Page 23 - British Inquiry into Loss of RMS Titanic Day 27 - 31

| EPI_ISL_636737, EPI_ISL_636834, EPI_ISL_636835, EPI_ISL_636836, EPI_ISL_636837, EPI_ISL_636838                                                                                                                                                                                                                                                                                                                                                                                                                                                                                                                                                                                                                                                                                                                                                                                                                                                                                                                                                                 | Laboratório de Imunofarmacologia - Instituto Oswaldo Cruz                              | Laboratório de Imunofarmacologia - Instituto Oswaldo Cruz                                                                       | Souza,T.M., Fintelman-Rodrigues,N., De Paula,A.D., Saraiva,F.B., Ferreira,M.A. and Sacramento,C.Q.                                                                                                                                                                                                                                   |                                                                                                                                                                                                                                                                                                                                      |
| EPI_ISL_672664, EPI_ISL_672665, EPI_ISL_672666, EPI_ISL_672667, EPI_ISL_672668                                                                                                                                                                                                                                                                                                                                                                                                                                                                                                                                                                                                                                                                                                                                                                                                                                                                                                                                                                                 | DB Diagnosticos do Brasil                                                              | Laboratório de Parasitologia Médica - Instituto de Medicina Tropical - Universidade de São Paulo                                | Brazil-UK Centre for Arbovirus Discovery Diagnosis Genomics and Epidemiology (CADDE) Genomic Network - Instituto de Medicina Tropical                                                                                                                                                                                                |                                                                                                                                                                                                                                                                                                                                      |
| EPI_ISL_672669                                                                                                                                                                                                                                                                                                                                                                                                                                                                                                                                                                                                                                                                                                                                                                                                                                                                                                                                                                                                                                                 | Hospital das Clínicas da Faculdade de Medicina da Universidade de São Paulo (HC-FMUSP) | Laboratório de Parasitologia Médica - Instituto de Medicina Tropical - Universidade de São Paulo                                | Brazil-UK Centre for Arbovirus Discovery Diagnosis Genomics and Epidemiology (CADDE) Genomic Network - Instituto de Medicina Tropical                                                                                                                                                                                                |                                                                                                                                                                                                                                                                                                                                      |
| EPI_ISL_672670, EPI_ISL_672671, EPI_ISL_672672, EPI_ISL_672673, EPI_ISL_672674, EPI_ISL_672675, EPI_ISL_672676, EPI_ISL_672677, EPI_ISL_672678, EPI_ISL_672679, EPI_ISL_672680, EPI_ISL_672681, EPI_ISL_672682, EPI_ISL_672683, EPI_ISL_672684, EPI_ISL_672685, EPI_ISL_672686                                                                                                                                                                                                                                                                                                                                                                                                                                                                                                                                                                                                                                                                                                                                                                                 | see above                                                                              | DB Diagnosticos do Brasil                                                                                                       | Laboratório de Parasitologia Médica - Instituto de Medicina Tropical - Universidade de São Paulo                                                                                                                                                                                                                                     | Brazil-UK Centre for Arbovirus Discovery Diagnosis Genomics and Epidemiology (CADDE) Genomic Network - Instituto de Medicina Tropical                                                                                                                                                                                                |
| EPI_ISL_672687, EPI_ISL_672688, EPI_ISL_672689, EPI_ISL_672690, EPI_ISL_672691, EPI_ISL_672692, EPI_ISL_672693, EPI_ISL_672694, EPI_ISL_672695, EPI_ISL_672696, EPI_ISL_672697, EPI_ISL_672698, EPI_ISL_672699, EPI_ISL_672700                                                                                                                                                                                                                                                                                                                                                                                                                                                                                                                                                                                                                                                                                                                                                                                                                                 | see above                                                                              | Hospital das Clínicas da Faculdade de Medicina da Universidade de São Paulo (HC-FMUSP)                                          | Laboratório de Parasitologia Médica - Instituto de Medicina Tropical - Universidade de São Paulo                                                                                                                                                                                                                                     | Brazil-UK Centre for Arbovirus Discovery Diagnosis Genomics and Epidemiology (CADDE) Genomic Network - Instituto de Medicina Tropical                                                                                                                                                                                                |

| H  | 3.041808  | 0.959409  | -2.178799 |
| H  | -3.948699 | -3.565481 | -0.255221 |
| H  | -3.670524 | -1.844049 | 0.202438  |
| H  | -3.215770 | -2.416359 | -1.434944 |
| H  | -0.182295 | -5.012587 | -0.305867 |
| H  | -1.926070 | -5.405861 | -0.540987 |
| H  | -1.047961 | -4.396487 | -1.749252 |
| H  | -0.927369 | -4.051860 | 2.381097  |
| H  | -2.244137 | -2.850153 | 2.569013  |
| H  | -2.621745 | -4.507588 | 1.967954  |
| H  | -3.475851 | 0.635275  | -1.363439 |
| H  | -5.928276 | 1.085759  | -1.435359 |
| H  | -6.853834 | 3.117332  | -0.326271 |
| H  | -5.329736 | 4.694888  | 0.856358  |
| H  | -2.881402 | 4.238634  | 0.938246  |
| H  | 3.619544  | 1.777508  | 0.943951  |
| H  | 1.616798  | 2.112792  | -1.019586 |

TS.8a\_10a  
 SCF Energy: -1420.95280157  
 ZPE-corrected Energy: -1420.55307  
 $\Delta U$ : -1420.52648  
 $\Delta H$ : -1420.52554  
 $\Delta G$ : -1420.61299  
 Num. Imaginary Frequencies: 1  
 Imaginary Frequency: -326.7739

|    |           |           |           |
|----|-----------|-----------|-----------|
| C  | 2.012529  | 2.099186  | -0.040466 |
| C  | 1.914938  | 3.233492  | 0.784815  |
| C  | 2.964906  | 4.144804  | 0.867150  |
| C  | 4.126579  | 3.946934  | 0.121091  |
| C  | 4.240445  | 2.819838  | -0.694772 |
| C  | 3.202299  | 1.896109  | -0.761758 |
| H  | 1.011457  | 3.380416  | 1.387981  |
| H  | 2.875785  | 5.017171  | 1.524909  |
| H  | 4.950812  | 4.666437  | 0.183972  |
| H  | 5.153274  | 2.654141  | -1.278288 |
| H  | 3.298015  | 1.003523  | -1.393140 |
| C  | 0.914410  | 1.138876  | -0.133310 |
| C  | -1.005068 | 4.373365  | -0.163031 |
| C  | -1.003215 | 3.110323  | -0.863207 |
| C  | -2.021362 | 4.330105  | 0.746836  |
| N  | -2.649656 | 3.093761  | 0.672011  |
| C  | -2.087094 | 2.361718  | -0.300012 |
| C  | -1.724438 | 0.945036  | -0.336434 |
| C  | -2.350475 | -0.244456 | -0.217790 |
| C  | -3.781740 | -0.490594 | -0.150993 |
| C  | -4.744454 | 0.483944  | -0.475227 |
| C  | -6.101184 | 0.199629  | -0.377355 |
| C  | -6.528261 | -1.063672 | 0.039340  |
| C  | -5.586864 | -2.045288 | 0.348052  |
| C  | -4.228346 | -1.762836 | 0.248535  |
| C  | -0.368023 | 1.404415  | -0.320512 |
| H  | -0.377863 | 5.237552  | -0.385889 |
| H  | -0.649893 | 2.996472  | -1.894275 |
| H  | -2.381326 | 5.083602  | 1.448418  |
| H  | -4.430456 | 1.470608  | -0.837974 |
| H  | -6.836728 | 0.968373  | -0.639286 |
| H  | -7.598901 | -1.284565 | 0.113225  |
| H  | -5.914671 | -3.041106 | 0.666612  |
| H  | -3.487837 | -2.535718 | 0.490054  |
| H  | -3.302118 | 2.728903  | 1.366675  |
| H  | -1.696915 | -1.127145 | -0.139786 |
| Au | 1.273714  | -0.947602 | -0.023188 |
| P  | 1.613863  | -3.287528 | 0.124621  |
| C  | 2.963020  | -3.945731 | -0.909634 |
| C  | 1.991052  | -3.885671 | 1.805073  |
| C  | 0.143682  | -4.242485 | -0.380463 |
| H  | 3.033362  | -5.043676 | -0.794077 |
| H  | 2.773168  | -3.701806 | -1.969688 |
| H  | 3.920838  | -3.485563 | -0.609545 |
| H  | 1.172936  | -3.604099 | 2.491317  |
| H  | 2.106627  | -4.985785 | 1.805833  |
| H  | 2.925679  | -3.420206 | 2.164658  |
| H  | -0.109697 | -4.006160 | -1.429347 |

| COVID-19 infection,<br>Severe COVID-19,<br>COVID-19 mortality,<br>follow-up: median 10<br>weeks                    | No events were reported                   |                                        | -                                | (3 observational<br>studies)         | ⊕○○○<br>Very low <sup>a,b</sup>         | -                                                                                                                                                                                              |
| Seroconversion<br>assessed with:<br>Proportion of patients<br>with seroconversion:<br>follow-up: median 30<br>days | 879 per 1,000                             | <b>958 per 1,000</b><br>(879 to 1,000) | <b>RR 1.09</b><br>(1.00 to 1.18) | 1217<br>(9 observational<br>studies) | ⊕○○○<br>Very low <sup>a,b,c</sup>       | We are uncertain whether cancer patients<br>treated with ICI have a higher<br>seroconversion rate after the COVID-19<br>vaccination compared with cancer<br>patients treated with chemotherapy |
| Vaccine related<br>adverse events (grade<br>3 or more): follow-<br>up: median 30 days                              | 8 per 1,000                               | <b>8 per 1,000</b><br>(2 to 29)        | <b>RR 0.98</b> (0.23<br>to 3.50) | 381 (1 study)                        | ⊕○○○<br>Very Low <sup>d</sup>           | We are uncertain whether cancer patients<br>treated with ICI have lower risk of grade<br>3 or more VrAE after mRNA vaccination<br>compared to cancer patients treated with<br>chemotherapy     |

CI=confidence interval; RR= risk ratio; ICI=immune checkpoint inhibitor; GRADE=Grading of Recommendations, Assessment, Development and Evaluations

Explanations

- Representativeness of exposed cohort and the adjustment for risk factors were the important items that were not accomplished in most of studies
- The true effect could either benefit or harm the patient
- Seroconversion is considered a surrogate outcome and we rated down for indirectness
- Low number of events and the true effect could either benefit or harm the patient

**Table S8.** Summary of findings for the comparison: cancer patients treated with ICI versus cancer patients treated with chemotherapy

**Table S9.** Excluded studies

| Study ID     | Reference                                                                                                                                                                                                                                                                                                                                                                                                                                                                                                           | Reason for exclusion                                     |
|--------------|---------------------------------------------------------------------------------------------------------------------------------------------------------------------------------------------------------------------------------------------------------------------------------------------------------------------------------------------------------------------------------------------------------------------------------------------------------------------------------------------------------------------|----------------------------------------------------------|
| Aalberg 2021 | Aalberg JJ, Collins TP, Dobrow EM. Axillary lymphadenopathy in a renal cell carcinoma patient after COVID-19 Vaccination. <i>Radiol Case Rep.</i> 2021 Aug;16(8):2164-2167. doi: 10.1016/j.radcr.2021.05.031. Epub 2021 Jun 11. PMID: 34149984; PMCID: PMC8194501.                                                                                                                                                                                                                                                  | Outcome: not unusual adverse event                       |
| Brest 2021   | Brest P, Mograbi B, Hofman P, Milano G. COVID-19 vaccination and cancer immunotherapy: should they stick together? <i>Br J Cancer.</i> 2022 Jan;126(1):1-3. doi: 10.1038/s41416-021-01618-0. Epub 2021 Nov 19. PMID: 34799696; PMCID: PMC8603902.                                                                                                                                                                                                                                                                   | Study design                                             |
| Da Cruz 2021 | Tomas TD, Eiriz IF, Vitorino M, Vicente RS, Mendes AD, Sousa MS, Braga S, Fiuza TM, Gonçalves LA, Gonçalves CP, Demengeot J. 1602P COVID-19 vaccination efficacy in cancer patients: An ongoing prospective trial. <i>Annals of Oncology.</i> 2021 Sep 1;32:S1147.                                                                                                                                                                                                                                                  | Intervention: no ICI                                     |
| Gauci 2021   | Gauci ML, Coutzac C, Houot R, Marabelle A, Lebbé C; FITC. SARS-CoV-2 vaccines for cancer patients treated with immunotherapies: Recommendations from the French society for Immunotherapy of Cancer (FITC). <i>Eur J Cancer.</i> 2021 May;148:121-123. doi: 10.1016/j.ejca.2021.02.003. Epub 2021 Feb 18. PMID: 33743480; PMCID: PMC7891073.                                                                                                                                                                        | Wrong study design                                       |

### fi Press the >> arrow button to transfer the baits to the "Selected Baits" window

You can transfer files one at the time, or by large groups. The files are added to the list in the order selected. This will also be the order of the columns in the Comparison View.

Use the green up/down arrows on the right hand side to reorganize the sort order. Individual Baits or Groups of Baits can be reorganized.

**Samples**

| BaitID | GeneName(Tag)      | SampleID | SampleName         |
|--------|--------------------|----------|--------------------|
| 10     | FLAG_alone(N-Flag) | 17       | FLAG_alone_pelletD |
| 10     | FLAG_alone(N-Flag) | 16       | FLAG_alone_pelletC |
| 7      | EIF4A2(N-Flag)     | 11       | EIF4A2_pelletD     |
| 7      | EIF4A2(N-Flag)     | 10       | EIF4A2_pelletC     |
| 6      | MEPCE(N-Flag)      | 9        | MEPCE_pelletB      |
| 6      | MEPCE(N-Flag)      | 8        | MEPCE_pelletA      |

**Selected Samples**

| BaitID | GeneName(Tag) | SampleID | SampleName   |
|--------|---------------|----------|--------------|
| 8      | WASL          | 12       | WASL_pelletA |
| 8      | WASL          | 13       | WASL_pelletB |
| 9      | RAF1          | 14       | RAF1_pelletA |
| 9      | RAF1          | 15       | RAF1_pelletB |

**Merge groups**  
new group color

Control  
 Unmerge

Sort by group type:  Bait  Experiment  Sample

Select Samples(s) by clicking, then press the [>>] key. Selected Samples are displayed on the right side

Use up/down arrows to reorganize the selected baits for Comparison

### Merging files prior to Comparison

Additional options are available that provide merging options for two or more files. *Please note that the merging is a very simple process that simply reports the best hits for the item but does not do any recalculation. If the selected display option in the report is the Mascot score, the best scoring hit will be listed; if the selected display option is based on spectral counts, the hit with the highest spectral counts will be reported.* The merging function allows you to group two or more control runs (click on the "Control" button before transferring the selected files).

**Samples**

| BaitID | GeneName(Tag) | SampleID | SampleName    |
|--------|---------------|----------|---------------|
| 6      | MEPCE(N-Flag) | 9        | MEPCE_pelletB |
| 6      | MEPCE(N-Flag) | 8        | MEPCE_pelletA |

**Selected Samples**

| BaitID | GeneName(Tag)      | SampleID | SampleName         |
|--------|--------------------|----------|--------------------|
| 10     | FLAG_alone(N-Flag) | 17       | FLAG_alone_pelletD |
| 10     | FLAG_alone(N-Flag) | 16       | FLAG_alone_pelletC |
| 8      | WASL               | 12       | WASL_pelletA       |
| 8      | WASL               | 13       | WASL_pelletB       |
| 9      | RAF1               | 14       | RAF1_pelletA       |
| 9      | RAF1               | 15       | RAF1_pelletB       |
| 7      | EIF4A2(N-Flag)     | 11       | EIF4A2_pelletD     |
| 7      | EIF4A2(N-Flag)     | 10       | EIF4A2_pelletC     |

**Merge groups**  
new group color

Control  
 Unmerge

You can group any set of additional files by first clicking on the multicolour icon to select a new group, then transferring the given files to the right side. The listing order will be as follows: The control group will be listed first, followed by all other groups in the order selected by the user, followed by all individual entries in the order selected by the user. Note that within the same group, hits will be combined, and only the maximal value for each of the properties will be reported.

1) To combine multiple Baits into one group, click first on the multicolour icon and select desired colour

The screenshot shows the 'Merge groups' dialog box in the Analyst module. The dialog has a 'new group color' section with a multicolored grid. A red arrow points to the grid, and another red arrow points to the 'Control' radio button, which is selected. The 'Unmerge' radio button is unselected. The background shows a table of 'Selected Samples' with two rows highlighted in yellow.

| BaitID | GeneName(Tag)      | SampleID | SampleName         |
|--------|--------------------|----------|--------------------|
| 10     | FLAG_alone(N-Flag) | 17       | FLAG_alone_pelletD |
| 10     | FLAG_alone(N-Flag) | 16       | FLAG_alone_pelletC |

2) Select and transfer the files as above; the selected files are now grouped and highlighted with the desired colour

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was given to me as two-tenths of a knot, but I think it would be slightly more than that - about 1,200 or 1,300 feet. 25294. (Mr. Butler Aspinall.) Does that complete the information with regard to the turning circles or curves? - As regards the turning, but my Lord also wanted certain information with regard to stopping with engines reversed and the rudder not put over. 25295. Yes? - The trials that I have were made again off Belfast Lough. Both engines were running at about 60 revolutions, corresponding to a speed of about 18 knots. The helm was left amidships and both engines were reversed. The way was off the ship in about three minutes and 15 seconds from the order to reverse engines being given, and the distance run was just over 3,000 feet. I might mention in that connection that, so far as we on the bridge could see, the engines were not reversed as quickly as we had seen them, and the distance is probably a little on the large side; but that is what we actually observed, and it would be very difficult to put an estimated correction on it. 25296. Does that complete the matter, the curves and the distance the ship would run before she would come to a stop? - That is right. 25297. Then your attention was also directed to this, I believe, whether or not you had made any calculations with regard to the flooding of the “Mauretania” in view of her internal construction. Have you been able to arrive at any certain results with regard to it? - Yes. The calculations, of course, were approximate, because the data available were not complete in the sense in which they had been complete for the flooding calculations that I made for the “Titanic,” but made them in conjunction with the Cunard Naval Architect, who gave evidence, and we agreed on the figures as being the best approximation we could make with the data available. We wrote out a brief memorandum giving the results and made a plan which we both initialed, and I propose to put this in. (The memorandum was handed in and is as follows): - “We have considered by approximate methods the flooding of the ‘Mauretania’ in the event of an accident similar to that met with by the ‘Titanic.’ We have assumed the watertight doors and hatches to be closed and similar deductions to those made in the calculations for the ‘Titanic.’ From the calculations made, taking the vessel as damaged from the stem to the afterend of the forward boiler room (corresponding nearly - but not quite - to the length from the stem to the afterend of the No. 5 boiler room in the ‘Titanic’) the vessel would remain afloat with a considerable list, say 15 deg. to 20 deg., which, no doubt, could be slowly reduced by carefully flooding some after spaces on the opposite side. With the data available we do not think we can satisfactorily discuss flooding corresponding to the damage extending into No. 4 boiler room in the ‘Titanic.’ - (Signed), Ed. W.; L. Peskett.” The Witness: There is one thing I should like to say with regard to the calculations which have been handed in, because I do not think it appears in the statement. Might I see the statement for a moment? (The statement was handed to the Witness.) I see it does not appear in the statement. The calculations show that the vessel would have a considerable list, and in order that the water should not rise above the top of the bulkhead, we had to assume the bunkers flooded on the other side. It would be quite a practicable operation by raising the watertight doors, but they would have to be opened so that the water could get through to the port bunkers. 25298. (The Commissioner.) This report of yours has been made in conjunction with the naval architect of the Cunard Line? - In conjunction with the naval architect of the Cunard Line, and we both signed it. It was an agreed calculation. There is just one other matter in that calculation which does not appear, which perhaps should be mentioned, and that is that the flooding of the foremost boiler room in the “Mauretania” was due to the fact that at one place in the boiler room there is only a single skin, and not a double skin, and that materially increased the danger to that vessel.
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